Cybersecurity

DOD looks to Silicon Valley to automate cyber response

Terry Halvorsen

DOD CIO Terry Halvorsen says more automation could also make attacking DoD targets less attractive for hackers.

Pentagon CIO Terry Halvorsen says Defense Department efforts to tap Silicon Valley entrepreneurial and tech development expertise could help take care of some repetitive cybersecurity maintenance drudgery, freeing up cyber defenders for more important tasks.

In a media conference call on Sept. 15, Halvorsen said he hopes DoD’s six-month-old effort to develop cyber defense technologies with Silicon Valley companies will produce tools that automatically take care of everyday cybersecurity chores such as software patching, system diagnostics and data logging. He’s also looking to Silicon Valley to help develop better defenses against first-time “Zero-Day” attacks.

Those automated capabilities, he said, will not only allow the agency to move IT personnel to more critical work, but could also make attacking DoD IT less attractive to less sophisticated cyber marauders.

Smaller scale attacks based on commonly available exploits may cost attackers only a few dollars to launch, but can cost the DoD huge sums to defend against, he said. Automating the responses to such simple attacks can raise the costs of making the attack in the first place, he said. “If the response is fast enough, it can make it too expensive to play” for some smaller attackers, he said.

Earlier in September, Halvorsen called for industry help in changing the economics of cyberspace so that it is more costly for hackers to inflict damage and cheaper for the Pentagon to defend itself.

Halvorsen is also looking to California for scarce cyber personnel, hoping the lure of working on huge, meaningful national defense projects can outweigh the Valley’s advantages.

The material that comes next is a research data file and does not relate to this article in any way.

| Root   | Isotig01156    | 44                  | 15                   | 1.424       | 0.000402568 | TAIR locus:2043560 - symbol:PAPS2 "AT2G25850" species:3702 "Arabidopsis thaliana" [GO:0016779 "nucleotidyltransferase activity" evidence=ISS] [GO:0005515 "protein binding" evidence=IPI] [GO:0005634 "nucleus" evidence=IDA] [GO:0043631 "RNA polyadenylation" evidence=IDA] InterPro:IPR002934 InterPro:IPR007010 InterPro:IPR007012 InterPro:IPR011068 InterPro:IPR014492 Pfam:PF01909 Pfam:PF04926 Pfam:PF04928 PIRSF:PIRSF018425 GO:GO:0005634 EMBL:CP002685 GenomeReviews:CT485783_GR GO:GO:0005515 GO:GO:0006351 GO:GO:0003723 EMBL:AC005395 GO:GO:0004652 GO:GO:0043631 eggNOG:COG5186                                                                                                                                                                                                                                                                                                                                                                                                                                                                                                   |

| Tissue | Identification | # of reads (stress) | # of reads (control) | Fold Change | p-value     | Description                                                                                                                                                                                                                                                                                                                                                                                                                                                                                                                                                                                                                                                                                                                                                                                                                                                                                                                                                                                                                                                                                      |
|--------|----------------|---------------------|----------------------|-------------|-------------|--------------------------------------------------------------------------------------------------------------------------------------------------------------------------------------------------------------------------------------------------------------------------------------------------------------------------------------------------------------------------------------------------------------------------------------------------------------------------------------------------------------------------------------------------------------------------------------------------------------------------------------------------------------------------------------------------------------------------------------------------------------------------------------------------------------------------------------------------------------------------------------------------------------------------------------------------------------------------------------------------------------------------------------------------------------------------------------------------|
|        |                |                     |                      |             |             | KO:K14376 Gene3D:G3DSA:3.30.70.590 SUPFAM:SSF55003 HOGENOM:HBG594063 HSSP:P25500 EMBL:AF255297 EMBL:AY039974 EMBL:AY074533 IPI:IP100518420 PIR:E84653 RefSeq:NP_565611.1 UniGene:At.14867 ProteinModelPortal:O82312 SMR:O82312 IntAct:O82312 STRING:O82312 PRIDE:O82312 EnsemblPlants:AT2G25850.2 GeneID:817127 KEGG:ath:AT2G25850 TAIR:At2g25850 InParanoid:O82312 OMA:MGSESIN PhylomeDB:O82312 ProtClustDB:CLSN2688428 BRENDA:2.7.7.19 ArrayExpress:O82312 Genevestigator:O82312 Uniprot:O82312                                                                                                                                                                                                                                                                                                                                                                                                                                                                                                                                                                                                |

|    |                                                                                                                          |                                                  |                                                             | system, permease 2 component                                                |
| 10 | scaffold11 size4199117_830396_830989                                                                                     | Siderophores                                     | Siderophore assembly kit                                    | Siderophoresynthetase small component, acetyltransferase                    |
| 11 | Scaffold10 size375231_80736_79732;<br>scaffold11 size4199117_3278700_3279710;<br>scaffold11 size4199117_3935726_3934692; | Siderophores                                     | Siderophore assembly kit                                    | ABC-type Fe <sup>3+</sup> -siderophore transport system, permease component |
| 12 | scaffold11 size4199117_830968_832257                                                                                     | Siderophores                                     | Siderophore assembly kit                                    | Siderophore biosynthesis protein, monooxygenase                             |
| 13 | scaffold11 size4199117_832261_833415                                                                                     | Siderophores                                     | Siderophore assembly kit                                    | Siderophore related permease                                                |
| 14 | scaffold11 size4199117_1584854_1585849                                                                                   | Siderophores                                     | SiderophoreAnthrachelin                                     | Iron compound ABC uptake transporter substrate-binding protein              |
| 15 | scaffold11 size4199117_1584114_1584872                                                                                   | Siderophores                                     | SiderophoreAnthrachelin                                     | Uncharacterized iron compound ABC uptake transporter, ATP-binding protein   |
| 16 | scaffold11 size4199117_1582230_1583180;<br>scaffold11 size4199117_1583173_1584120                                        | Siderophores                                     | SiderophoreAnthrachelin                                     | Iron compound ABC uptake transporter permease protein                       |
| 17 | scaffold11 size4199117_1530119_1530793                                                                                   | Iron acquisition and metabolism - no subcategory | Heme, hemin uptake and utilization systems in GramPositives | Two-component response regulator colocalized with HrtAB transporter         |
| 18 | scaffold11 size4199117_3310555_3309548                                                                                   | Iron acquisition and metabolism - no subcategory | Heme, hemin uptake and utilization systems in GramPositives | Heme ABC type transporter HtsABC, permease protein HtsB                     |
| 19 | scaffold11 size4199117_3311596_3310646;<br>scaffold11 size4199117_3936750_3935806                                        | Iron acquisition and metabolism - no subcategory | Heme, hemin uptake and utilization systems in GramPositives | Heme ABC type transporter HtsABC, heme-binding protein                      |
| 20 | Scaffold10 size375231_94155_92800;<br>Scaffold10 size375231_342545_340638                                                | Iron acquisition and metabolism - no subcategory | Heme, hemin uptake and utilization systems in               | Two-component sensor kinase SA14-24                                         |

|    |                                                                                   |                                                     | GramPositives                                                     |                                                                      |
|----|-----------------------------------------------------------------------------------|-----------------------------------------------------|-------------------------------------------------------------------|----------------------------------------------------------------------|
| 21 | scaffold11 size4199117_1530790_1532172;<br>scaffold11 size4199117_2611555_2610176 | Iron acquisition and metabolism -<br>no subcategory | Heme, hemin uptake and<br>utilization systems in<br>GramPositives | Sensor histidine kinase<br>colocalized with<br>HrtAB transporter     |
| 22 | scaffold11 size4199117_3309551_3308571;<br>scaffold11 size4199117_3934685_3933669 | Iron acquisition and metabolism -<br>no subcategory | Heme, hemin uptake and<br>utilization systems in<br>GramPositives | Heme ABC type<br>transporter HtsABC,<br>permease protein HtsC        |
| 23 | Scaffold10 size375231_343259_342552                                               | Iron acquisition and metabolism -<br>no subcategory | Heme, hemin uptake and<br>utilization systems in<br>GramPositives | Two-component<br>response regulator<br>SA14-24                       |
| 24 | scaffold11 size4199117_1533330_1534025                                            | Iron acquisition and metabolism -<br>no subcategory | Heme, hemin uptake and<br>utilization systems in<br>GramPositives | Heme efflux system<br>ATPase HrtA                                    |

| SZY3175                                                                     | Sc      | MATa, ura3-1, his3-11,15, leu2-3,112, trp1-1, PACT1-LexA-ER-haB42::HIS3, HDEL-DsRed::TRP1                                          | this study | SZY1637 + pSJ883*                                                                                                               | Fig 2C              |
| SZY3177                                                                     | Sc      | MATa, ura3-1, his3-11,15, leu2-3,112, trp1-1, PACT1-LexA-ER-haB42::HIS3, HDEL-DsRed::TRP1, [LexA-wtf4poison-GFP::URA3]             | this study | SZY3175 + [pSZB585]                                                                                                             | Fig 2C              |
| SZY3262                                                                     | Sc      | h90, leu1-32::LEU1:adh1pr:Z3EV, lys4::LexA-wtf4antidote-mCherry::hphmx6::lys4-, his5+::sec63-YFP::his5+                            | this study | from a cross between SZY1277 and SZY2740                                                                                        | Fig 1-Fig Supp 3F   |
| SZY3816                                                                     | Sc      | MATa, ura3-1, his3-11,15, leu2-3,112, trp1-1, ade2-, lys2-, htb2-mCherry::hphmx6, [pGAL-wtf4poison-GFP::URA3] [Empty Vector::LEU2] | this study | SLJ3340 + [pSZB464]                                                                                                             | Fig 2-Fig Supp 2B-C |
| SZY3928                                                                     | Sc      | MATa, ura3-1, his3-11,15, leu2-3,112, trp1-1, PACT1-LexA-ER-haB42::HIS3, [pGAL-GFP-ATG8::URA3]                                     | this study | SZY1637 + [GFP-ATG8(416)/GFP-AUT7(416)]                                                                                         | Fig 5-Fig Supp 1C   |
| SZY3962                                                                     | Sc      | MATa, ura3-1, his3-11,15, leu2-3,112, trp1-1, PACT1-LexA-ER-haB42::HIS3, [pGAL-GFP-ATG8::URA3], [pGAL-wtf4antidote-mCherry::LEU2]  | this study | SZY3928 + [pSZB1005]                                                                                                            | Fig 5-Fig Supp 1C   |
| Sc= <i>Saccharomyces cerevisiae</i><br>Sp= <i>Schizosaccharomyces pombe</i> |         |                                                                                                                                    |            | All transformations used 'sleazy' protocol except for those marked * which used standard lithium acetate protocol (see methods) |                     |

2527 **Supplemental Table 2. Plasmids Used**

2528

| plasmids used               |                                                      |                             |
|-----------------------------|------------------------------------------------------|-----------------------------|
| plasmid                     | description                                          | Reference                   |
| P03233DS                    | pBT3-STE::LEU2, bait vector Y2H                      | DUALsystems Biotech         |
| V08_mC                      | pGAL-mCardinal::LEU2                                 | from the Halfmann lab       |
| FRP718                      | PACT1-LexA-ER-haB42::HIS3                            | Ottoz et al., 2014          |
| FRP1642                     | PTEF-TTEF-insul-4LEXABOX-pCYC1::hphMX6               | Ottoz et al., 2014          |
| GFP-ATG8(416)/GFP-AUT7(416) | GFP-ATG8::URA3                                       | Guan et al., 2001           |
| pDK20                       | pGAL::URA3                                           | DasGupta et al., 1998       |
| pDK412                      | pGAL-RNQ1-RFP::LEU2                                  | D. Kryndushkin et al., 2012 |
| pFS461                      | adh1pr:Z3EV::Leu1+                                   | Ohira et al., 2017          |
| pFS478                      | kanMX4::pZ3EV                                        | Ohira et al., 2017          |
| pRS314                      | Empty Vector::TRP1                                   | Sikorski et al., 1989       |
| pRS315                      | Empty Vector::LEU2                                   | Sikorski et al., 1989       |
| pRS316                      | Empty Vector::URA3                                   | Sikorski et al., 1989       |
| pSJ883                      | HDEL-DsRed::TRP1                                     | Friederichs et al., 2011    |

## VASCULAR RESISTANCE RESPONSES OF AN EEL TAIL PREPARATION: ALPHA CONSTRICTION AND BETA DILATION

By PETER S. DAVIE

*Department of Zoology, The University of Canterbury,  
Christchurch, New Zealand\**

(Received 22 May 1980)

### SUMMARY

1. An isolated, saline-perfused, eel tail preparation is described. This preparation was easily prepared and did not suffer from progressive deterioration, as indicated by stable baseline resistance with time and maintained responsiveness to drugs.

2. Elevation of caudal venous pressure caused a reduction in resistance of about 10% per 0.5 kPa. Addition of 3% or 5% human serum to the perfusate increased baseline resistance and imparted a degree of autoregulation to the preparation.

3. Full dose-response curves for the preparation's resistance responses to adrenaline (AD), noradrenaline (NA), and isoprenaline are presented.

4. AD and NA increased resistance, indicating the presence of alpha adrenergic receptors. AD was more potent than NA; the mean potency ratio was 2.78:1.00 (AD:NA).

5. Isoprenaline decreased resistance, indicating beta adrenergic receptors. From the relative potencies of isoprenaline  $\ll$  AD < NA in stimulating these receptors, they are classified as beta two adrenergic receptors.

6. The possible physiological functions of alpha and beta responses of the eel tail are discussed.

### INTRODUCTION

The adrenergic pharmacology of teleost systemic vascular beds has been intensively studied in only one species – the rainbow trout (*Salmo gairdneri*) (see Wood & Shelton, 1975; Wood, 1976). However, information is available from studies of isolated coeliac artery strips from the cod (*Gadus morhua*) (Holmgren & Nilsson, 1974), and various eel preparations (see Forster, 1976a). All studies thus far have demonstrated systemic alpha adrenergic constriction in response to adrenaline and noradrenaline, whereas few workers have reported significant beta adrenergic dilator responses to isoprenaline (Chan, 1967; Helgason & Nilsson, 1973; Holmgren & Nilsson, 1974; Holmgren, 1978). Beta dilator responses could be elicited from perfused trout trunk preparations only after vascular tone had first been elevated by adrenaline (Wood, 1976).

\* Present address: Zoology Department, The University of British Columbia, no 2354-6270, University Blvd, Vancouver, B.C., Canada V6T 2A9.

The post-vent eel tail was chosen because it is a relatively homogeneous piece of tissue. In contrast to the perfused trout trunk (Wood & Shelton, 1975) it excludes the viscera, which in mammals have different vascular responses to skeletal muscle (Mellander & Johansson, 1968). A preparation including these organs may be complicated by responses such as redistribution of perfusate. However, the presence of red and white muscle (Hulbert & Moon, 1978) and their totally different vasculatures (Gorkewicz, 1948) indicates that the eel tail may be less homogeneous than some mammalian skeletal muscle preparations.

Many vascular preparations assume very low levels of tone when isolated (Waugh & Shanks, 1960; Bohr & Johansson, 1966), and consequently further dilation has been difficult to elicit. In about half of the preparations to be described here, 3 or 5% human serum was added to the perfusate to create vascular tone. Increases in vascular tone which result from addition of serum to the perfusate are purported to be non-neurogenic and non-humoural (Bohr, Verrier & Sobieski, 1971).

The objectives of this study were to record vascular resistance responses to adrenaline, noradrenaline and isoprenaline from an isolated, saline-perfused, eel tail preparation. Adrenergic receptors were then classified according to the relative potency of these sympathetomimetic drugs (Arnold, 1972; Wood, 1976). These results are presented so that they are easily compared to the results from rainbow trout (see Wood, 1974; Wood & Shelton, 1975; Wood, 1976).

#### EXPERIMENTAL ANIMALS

The Pentagon’s IT offices don’t have the in-house cafes and other amenities that some high-tech company offices have, but it offers a greater purpose, according to Halvorsen. “That Valley atmosphere encourages people to stay at work,” he said. “We suffer. We can’t pay like the [private] cybersecurity sector. However, we do offer the chance to work on projects with huge scale and importance.”

About the Author

Mark Rockwell is a senior staff writer at FCW, whose beat focuses on acquisition, the Department of Homeland Security and the Department of Energy.

Before joining FCW, Rockwell was Washington correspondent for Government Security News, where he covered all aspects of homeland security from IT to detection dogs and border security. Over the last 25 years in Washington as a reporter, editor and correspondent, he has covered an increasingly wide array of high-tech issues for publications like Communications Week, Internet Week, Fiber Optics News, tele.com magazine and Wireless Week.

Rockwell received a Jesse H. Neal Award for his work covering telecommunications issues, and is a graduate of James Madison University.

Click here for previous articles by Rockwell. Contact him at mrockwell@fcw.com or follow him on Twitter at @MRockwell4.


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